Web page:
WASHINGTON — The $900 billion stimulus bill that President Trump finally signed into law on Sunday evening goes well beyond providing the $600 checks that became a huge sticking point in getting the legislation across the finish line.
[Live updates: House pushes Senate to approve $2,000 stimulus checks]
The relief package casts a wide net with a variety of measures aimed at addressing the needs of millions of Americans, including those who have lost their jobs, as well as small businesses, nursing homes, colleges, universities and K-12 schools.
The package extends some provisions of the original stimulus package that was passed in the spring, while adding new measures to help working families who have continued to suffer amid the pandemic.
The full text of the bill ran almost 5,600 pages. Here’s a look at what’s included.
Among the most anticipated components of the legislation is the direct payment, with $600 going to individual adults with an adjusted gross income of up to $75,000 a year based on 2019 earnings. Heads of households who earn up to $112,500 and a couple (or someone whose spouse died in 2020) who make up to $150,000 a year would get twice that amount.
Eligible families with dependent children would receive an additional $600 per child.
In a change from the last round, payments will not be denied to citizens married to someone without a social security number, allowing some spouses of undocumented immigrants to claim the benefit this time around.
On Tuesday night, President Trump threatened to veto the bill because he said the payments were too low. He is advocating payments of $2,000. House Democrats planned to bring up an amendment to the bill on Thursday, an aide who was familiar with the proposal said. It is not clear how the House and Senate will act.
With millions of Americans still unemployed, Congress acted to extend multiple programs to help those out of work, albeit at less generous levels than in the spring.
The agreement would revive enhanced federal jobless benefits for 11 weeks, providing a lifeline for hard-hit workers until March 14. The new benefit, up to $300 per week, is half the amount provided by the original stimulus bill in the spring.
The legislation also extends Pandemic Unemployment Assistance — a program aimed at a broad set of freelancers and independent contractors — for the same period, providing an additional $100 per week.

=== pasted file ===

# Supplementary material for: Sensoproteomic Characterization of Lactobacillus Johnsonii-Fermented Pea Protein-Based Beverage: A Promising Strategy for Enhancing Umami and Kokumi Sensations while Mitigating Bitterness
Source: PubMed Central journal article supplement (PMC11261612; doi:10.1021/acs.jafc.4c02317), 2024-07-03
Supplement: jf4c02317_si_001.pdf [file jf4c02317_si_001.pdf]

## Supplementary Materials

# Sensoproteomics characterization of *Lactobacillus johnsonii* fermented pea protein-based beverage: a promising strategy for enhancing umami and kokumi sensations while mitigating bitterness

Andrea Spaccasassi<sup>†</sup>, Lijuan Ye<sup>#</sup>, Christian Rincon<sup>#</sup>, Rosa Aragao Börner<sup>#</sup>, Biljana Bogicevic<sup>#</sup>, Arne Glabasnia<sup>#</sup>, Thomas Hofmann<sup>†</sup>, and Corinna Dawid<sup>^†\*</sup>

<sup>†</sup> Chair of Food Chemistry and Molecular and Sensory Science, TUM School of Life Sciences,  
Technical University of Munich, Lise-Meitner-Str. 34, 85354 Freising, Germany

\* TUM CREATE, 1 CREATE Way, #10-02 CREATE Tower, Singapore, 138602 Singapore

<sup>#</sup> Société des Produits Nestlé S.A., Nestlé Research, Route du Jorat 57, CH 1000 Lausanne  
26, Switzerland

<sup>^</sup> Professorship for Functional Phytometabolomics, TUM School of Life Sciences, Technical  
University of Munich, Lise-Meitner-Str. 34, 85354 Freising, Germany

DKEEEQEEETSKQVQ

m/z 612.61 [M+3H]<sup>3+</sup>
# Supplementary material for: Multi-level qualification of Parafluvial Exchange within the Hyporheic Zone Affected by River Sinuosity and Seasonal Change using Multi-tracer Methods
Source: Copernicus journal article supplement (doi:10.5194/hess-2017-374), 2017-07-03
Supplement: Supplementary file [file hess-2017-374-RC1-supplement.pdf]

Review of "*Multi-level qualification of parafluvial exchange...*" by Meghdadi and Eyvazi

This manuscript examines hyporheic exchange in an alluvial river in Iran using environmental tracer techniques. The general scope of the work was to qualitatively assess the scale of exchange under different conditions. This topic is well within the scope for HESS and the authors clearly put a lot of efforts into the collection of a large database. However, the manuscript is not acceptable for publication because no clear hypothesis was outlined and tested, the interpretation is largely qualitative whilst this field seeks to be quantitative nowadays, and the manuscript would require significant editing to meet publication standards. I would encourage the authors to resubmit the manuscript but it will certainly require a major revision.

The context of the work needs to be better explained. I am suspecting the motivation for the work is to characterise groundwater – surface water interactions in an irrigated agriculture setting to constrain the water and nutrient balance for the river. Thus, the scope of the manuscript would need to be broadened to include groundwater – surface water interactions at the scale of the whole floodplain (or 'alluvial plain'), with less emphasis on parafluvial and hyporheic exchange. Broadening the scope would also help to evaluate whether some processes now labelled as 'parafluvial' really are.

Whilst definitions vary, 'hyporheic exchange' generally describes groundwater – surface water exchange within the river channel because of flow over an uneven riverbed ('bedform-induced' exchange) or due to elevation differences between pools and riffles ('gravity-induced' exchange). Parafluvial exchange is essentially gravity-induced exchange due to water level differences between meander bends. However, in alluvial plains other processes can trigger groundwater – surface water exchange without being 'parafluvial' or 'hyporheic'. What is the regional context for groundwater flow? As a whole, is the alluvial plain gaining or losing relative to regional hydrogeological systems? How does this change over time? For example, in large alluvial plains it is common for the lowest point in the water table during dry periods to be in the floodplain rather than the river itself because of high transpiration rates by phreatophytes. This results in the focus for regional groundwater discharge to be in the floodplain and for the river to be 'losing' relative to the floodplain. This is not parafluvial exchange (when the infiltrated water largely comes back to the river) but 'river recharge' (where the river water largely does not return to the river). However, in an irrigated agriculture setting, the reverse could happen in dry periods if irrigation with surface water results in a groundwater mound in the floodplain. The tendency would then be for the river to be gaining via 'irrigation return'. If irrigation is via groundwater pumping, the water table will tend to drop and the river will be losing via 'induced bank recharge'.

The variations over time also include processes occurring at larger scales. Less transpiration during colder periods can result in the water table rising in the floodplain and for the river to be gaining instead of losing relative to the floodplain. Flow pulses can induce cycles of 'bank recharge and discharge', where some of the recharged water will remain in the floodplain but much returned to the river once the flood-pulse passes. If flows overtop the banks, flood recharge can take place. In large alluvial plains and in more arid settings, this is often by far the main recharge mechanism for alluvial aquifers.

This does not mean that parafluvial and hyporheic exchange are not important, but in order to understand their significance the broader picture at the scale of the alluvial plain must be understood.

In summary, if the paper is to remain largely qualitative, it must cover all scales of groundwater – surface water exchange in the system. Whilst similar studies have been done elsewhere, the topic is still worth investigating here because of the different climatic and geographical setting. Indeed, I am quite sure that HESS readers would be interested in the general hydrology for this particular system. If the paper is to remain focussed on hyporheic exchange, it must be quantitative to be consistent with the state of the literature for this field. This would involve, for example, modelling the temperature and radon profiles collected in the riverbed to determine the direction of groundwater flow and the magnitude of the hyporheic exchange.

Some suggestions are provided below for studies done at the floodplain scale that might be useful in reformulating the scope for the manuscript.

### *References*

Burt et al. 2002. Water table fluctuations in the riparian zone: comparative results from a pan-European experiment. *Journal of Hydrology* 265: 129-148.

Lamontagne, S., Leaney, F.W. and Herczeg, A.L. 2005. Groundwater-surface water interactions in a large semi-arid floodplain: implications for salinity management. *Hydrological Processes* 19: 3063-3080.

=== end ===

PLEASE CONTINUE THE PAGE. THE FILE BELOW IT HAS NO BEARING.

School budgets have been severely crippled by the pandemic and left some of the most vulnerable students in dire academic and financial straits. The bill provides $82 billion for education, including about $54 billion for K-12 schools and $23 billion for colleges and universities.
While the package provides far more money for K-12 schools than the first stimulus bill in March, the funds still fall short of what both sectors say they need to blunt the effect of the pandemic. Many school districts that transitioned to remote learning this year were forced to make expensive adjustments to accommodate students while often shedding staff to balance their budgets. Colleges and universities are also facing financial constraints amid rising expenses and falling revenue.
“The money provided in this bill will provide some limited relief, which is welcome news to struggling students and institutions. But it is not going to be nearly enough in the long run or even the medium term,” Ted Mitchell, president of the American Council on Education, said in a statement.
Funding for broadband infrastructure
The legislation includes $7 billion for expanding access to high-speed internet connections, nearly half of which will go toward helping cover the cost of monthly internet bills by providing up to $50 per month to low-income families.
The deal also sets aside $300 million for building out infrastructure in underserved rural areas and $1 billion in grants for tribal broadband programs.
Targeted aid for small businesses
The agreement sets aside $285 billion for additional loans to small businesses under the Paycheck Protection Program, renewing the program created under the initial stimulus legislation.
The Second Stimulus
Answers to Your Questions About the Stimulus Bill
Updated Dec 28, 2020
The economic relief package will issue payments of $600 and distribute a federal unemployment benefit of $300 for at least 10 weeks. Find more about the measure and what’s in it for you. For details on how to get assistance, check out our Hub for Help.